Local faves. When in Brew City, do as the Brew Citizens do and raise a pint. A quenching place to start is the Pabst Milwaukee Brewery & Taproom, one of the newest craft breweries in the city, set in an old Gothic Revival church that formerly served as a Pabst-owned bar and restaurant. New and Pabst sound contradictory, considering the Pabst name has deep history in Milwaukee dating to the 19th century. But it moved its brewing operations out of town in the 1990s. And the latest incarnation isn't brewing hipster Pabst Blue Ribbon (although you can buy that here), but is brewing small-batch beers with more depth and intrigue than the canned red-white-and-blue classic.

For a DIY Pabst tour, take a stroll around the block, and you'll see Best Place at the Historic Pabst Brewery, which walks visitors through the history of Pabst. You'll pass the Brewhouse Inn & Suites, a hotel built inside the old Pabst plant. About a mile from there, you might get a deeper feel for the family's history with a visit to Pabst Mansion, where Frederick Pabst and his family lived.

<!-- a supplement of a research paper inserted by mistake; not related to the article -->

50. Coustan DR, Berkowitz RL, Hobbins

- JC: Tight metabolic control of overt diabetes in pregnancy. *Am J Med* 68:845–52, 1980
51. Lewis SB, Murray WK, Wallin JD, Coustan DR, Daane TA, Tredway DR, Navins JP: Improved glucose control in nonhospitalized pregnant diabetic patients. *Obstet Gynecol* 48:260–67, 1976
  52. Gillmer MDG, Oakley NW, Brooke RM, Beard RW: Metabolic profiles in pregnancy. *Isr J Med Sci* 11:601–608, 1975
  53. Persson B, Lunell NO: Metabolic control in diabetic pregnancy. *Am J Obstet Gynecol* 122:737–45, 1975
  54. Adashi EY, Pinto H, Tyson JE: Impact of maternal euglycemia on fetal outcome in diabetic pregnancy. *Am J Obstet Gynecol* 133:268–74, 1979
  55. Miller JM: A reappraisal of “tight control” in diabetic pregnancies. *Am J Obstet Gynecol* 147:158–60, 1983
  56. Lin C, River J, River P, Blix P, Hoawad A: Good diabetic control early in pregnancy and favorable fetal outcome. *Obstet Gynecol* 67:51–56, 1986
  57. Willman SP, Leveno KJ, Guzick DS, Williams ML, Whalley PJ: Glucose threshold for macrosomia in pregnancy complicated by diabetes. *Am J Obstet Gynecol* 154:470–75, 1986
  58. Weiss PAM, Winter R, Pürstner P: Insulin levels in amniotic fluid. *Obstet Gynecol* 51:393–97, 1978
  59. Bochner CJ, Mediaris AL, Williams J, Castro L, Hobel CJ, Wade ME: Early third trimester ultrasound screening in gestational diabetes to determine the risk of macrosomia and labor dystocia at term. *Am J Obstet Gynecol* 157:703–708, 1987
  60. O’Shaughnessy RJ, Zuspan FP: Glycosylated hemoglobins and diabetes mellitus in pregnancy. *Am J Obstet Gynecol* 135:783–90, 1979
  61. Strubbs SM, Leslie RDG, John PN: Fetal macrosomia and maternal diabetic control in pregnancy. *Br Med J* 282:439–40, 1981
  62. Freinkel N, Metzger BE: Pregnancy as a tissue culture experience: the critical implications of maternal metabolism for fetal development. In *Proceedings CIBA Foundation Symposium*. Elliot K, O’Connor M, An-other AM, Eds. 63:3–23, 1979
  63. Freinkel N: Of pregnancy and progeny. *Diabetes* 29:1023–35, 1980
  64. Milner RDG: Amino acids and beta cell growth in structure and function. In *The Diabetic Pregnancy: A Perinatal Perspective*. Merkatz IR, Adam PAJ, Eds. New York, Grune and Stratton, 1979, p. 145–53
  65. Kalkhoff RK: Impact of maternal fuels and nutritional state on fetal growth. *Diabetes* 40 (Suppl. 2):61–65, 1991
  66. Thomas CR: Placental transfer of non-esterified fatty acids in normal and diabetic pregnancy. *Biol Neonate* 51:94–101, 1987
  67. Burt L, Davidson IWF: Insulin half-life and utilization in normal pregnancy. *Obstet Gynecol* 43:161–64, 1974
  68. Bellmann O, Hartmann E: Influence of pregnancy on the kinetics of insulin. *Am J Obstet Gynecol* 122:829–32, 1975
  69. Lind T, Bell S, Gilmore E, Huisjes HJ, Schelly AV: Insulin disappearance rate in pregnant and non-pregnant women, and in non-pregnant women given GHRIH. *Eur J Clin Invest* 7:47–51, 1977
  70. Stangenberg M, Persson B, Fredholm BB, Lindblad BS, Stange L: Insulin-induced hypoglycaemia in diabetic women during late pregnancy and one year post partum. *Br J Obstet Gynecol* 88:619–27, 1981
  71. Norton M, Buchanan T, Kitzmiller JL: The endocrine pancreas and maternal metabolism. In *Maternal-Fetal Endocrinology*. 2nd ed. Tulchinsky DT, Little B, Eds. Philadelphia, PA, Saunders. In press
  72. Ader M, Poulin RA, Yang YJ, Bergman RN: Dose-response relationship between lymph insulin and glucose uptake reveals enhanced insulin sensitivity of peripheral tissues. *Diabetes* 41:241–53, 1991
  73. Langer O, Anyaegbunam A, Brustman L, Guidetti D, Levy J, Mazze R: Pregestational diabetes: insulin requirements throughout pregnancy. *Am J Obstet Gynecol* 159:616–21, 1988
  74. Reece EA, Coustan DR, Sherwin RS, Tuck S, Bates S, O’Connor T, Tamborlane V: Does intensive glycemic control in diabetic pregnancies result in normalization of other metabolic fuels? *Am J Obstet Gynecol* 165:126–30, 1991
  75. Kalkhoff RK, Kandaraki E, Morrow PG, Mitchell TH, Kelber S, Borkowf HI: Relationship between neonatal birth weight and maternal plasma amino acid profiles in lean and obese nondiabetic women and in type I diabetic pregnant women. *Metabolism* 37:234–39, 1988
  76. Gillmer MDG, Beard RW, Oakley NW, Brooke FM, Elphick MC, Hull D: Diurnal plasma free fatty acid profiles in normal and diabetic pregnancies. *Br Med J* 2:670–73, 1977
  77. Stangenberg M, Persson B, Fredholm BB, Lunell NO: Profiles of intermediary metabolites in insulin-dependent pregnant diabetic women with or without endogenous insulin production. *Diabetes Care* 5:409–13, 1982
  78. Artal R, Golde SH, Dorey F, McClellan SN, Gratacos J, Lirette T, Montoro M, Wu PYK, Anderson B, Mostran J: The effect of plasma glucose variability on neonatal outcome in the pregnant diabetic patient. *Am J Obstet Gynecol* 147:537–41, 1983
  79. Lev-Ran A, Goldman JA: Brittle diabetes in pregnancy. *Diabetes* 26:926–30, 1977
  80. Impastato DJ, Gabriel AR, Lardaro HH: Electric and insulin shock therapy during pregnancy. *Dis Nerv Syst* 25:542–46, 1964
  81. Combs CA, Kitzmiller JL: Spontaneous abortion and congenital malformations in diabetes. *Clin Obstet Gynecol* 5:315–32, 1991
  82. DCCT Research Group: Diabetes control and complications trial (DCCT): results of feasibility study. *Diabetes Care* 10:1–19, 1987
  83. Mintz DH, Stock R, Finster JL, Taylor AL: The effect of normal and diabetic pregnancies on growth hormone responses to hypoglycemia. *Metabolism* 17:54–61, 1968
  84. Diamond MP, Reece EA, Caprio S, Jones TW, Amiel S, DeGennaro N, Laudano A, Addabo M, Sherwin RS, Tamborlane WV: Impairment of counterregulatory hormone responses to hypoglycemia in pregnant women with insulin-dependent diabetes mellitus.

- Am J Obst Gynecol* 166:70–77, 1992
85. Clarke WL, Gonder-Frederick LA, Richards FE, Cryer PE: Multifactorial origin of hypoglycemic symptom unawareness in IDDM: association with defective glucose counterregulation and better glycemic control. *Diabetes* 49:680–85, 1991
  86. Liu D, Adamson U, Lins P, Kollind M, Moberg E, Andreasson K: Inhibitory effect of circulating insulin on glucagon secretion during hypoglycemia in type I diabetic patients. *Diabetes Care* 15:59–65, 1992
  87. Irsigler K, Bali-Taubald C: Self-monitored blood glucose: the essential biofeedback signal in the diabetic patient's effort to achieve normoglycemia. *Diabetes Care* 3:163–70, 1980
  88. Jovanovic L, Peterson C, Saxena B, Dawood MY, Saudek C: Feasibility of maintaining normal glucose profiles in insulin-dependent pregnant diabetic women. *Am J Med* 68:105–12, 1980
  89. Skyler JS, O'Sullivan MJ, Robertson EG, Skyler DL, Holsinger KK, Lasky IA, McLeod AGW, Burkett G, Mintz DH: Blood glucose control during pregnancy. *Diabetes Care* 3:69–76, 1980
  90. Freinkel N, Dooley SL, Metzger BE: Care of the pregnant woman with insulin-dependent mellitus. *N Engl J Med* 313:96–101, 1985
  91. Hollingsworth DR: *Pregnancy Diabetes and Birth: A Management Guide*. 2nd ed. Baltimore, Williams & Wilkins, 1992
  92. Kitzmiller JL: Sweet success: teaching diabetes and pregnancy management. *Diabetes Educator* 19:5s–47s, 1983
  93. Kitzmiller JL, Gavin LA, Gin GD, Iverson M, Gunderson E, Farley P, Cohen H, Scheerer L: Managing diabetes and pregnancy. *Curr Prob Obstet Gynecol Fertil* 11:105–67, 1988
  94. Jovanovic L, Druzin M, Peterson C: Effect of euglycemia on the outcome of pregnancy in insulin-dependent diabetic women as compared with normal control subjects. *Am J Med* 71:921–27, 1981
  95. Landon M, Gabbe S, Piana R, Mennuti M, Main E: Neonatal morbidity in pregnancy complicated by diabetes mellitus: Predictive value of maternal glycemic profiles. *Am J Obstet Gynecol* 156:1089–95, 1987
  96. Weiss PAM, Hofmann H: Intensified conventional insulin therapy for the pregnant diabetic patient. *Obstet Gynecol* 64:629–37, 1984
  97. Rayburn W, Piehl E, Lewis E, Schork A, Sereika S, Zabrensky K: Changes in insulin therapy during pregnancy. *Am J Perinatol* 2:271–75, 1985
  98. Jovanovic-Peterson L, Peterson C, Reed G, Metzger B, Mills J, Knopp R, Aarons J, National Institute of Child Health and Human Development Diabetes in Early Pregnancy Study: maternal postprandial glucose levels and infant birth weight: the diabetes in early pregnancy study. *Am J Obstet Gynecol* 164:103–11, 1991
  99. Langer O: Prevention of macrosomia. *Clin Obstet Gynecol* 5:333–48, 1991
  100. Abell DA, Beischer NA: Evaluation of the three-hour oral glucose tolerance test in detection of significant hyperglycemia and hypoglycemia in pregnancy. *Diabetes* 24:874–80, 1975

For Frank Lloyd Wright, it wasn't all Fallingwater and Taliesin. The Wisconsin-born architect believed beautiful houses should be affordable at all income levels, and in the early 1900s, he created a series of designs for small houses, known as American System-Built Homes, the pieces of which could be cut in advance and assembled on site to save on waste and cost. You can see six of them on West Burnham Street, and docents with the nonprofit organization Wright in Milwaukee lead tours of one of them. (The tours are offered Fridays and Saturdays in summer and early fall but become more sporadic as winter sets in.) Travel tip: One of the privately owned Wright-designed houses on the street is beautifully restored and available for overnight stays via VRBO.com.

Guidebook musts. Is it meta that the buildings housing the Milwaukee Art Museum are works of art as well? My favorite is the white pavilion designed by architect Santiago Calatrava that looks like a modernist bird, a cathedral, or maybe a yacht, depending on the time of day you see it and whether its wings - 72 steel fins that act as a sunscreen - are open or closed.